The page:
Multimodal communication is a crucial component of social interactions that helps us to convey our ideas, thoughts, feelings, and opinions. We typically tend to use gestures, facial expressions, speech, etc to make ourselves understood. A frown, a wink, or a nod – we constantly use different means to communicate. Similarly, individuals with complex communication needs should be encouraged to use multiple communication modes so that they can effectively express themselves.
What is Multimodal Communication?
Simply put, multimodal communication means using more than one form/mode of communication. The learner gets to use different modalities which are all valued equally. This approach also allows learners to make the most of their abilities and skills.
Studies suggest that learners using multiple modes of communication had fewer communication breakdowns. They were also able to communicate better with their partners. Moreover, learners showed substantial improvements in their language abilities with multimodal communication.
The different modes of communication are:
- High Tech AAC systems
- Low Tech boards
- Light Tech Devices
- Sign Language
- Facial Expressions
- Body Language
- Speech & Vocalizations
All Roads Lead to Communication
Functional communication and literacy are important skills that learners with disabilities should be supported to acquire. But the focus of any intervention should be also on making the learner feel connected to those around them. We need to equip learners with communication tools and strategies that make this possible. This will enable them to have meaningful interactions that are vital to lead a fulfilling life,
Communication is each individual’s prerogative and so is their choice of communication mode. Therefore, AAC learners must be encouraged to use any form of communication they feel comfortable with. Communication partners need to acknowledge and honour all their communication attempts so that they feel motivated to communicate.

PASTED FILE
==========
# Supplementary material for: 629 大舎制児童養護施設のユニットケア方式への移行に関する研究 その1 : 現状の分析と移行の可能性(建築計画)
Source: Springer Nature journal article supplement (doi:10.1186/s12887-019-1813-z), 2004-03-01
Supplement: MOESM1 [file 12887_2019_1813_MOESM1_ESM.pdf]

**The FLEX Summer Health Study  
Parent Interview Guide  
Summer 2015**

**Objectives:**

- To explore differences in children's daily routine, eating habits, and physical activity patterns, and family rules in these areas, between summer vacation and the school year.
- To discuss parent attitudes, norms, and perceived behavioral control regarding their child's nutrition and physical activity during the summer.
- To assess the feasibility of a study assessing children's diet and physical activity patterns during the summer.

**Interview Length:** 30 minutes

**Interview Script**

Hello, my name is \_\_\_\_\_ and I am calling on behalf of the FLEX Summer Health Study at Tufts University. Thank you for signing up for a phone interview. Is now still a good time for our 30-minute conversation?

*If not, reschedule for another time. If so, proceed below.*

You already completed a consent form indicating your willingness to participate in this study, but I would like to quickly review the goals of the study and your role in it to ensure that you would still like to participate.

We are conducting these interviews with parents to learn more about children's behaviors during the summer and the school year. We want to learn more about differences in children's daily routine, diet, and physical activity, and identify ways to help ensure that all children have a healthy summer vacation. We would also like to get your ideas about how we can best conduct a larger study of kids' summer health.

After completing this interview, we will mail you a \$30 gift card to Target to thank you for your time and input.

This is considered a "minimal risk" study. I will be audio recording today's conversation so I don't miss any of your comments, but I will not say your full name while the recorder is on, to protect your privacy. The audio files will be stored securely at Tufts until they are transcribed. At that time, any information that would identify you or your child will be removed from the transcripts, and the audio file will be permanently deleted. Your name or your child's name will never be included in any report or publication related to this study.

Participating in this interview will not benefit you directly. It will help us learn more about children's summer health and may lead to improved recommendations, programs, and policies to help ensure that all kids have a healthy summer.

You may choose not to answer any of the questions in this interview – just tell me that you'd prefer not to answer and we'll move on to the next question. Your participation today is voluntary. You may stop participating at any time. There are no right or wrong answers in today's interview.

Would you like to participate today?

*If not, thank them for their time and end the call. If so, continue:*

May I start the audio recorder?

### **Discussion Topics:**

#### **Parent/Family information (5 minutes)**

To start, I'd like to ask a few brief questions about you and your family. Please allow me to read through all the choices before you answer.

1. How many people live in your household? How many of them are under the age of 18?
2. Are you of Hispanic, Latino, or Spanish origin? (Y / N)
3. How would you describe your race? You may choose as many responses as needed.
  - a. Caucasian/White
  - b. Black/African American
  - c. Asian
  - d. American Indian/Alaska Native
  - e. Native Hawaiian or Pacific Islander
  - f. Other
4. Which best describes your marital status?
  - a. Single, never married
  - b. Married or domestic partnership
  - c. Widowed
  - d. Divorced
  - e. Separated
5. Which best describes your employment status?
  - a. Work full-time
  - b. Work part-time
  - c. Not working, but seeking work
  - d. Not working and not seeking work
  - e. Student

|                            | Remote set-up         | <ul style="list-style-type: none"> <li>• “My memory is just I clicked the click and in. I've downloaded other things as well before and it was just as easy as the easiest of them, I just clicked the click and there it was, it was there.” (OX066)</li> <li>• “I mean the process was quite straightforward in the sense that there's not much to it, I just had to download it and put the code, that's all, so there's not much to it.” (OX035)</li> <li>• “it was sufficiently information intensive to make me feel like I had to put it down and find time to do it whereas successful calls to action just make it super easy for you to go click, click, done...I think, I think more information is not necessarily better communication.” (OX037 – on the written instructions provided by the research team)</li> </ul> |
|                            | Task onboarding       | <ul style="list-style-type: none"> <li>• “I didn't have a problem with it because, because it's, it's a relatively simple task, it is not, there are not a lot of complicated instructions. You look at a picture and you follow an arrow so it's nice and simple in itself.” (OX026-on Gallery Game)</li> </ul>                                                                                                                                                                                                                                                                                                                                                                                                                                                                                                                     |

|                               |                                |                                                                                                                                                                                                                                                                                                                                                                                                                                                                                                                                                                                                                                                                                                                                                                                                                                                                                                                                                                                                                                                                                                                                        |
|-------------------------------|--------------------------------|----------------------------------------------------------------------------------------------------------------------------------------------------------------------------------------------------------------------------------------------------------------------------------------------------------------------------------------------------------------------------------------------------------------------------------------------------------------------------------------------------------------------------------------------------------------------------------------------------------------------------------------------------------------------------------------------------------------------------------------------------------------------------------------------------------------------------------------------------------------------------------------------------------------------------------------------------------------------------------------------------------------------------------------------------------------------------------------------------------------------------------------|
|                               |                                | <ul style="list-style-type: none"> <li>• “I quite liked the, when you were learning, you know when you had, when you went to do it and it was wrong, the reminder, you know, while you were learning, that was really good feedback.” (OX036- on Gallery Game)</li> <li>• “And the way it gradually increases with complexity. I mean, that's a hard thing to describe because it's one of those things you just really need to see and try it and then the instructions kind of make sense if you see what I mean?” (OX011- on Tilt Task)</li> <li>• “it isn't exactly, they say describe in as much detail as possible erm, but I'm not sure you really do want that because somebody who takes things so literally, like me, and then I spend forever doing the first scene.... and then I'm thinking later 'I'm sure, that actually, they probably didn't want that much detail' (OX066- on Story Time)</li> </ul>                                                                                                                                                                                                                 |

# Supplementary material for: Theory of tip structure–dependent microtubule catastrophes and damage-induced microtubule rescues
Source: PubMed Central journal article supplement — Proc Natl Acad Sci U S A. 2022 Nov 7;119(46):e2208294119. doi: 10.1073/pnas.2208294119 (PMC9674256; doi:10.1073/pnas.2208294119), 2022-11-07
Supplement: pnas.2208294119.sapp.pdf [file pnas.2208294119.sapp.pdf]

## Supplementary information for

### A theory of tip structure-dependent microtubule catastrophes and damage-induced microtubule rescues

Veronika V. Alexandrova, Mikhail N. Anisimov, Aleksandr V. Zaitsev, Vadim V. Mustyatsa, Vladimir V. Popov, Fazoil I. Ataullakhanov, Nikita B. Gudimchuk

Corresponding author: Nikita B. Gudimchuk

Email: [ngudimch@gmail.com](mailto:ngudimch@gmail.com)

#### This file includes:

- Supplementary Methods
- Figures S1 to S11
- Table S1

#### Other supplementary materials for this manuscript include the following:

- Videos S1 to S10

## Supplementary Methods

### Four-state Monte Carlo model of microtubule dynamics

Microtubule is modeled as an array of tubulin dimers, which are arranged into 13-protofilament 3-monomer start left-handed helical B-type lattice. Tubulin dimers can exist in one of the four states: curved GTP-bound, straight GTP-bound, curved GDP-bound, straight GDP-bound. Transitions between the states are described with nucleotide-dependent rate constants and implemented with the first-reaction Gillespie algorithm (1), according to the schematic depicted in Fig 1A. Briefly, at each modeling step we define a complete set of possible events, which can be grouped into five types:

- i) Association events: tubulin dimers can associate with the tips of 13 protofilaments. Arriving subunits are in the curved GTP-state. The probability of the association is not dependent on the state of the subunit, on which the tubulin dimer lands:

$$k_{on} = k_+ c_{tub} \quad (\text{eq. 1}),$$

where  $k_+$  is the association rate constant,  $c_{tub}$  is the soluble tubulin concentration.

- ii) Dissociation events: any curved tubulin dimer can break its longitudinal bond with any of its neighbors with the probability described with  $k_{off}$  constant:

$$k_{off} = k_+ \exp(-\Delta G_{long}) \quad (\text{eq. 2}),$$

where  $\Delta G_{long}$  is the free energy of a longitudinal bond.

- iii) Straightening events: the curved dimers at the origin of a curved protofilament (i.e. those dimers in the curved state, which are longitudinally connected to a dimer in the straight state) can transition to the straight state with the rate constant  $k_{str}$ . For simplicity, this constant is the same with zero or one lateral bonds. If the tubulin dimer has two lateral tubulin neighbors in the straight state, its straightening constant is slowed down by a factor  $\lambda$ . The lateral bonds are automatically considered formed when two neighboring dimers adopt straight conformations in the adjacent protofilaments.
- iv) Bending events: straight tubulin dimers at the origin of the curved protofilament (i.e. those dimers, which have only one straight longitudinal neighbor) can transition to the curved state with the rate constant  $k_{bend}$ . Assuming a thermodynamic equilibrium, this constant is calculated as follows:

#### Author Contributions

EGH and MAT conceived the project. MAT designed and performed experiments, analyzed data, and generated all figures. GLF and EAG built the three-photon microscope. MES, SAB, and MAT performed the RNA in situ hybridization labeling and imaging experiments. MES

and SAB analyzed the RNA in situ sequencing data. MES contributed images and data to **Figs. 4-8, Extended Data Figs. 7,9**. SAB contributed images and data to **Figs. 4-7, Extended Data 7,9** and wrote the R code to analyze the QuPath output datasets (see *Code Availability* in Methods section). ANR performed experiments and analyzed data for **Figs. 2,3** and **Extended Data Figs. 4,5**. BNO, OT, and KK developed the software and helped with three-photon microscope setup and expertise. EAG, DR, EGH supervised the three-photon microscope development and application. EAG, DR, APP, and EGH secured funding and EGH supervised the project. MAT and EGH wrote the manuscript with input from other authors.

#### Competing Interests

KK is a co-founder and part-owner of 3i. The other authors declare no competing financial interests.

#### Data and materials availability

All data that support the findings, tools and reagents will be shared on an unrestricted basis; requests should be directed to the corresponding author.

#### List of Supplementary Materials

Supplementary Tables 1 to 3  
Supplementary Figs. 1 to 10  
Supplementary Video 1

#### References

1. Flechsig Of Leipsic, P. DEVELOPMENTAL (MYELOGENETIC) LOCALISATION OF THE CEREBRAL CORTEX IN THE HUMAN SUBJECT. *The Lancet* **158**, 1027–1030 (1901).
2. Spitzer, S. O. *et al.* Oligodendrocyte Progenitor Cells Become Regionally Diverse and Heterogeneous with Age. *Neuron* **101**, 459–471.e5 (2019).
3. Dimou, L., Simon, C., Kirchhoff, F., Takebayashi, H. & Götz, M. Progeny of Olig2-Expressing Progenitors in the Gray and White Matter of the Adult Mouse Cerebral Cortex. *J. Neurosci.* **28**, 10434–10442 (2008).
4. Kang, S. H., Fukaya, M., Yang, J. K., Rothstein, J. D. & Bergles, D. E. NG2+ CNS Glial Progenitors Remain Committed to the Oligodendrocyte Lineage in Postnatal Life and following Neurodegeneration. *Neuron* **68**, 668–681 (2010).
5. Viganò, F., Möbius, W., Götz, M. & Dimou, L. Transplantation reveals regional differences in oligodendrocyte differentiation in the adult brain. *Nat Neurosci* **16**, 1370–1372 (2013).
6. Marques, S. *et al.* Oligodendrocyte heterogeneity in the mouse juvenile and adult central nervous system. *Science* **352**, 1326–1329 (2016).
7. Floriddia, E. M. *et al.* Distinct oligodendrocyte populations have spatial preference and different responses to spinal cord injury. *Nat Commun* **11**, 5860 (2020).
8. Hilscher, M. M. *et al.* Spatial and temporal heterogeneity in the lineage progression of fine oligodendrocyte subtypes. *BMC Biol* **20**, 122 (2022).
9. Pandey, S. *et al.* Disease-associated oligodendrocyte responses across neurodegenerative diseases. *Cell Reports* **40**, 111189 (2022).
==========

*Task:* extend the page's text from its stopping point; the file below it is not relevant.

Honouring All Communication
For example, a communicator points towards pancakes to ask for more during breakfast. Here, the communicator has initiated communication through pointing.
Model the word ‘more’ on the communicator’s AAC system as you say, “Oh..maybe you want more?”
Encourage the communicator to tap ‘more’ on the AAC system through an expectant pause and/or non-verbal cues.
If the communicator continues to point, acknowledge and respond to their communication attempt (pointing) .
Say, “Oh..I think you want more.” as you model the word ‘more’ on the AAC system.
Pause expectantly for 5 to 10 seconds. Try using other prompts such as verbal/gestural prompts to encourage the learner to use the AAC system.
Insisting on communication using a particular mode such as an AAC app can be frustrating for learners. Instead, show the right response to the learner while ensuring that they don’t feel discouraged that their communication was not effective.
(Of course, this example assumes that the learner was requesting more pancakes through pointing. To make sure we are not limiting our learners by our assumptions, We may need to model other options such as ‘maybe you’re saying you ‘like’ pancakes?’)
Communication Everywhere, All the Time
Multimodal communication is pivotal to societal participation and inclusion of people. Communicators must have access to communication in all environments and situations. But what happens if a communicator’s high tech AAC system runs out of charge or is broken? How does a communicator express their thoughts while in a swimming pool? Having a low tech board as a backup communication tool can make sure that communicator gets to express themselves in all situations. Moreover, when learners have an effective mode of communication at all times, they may not resort to behaviours to express their emotions.
Do you have any ideas about multimodal communication in AAC users? Please share your thoughts in the comment section below.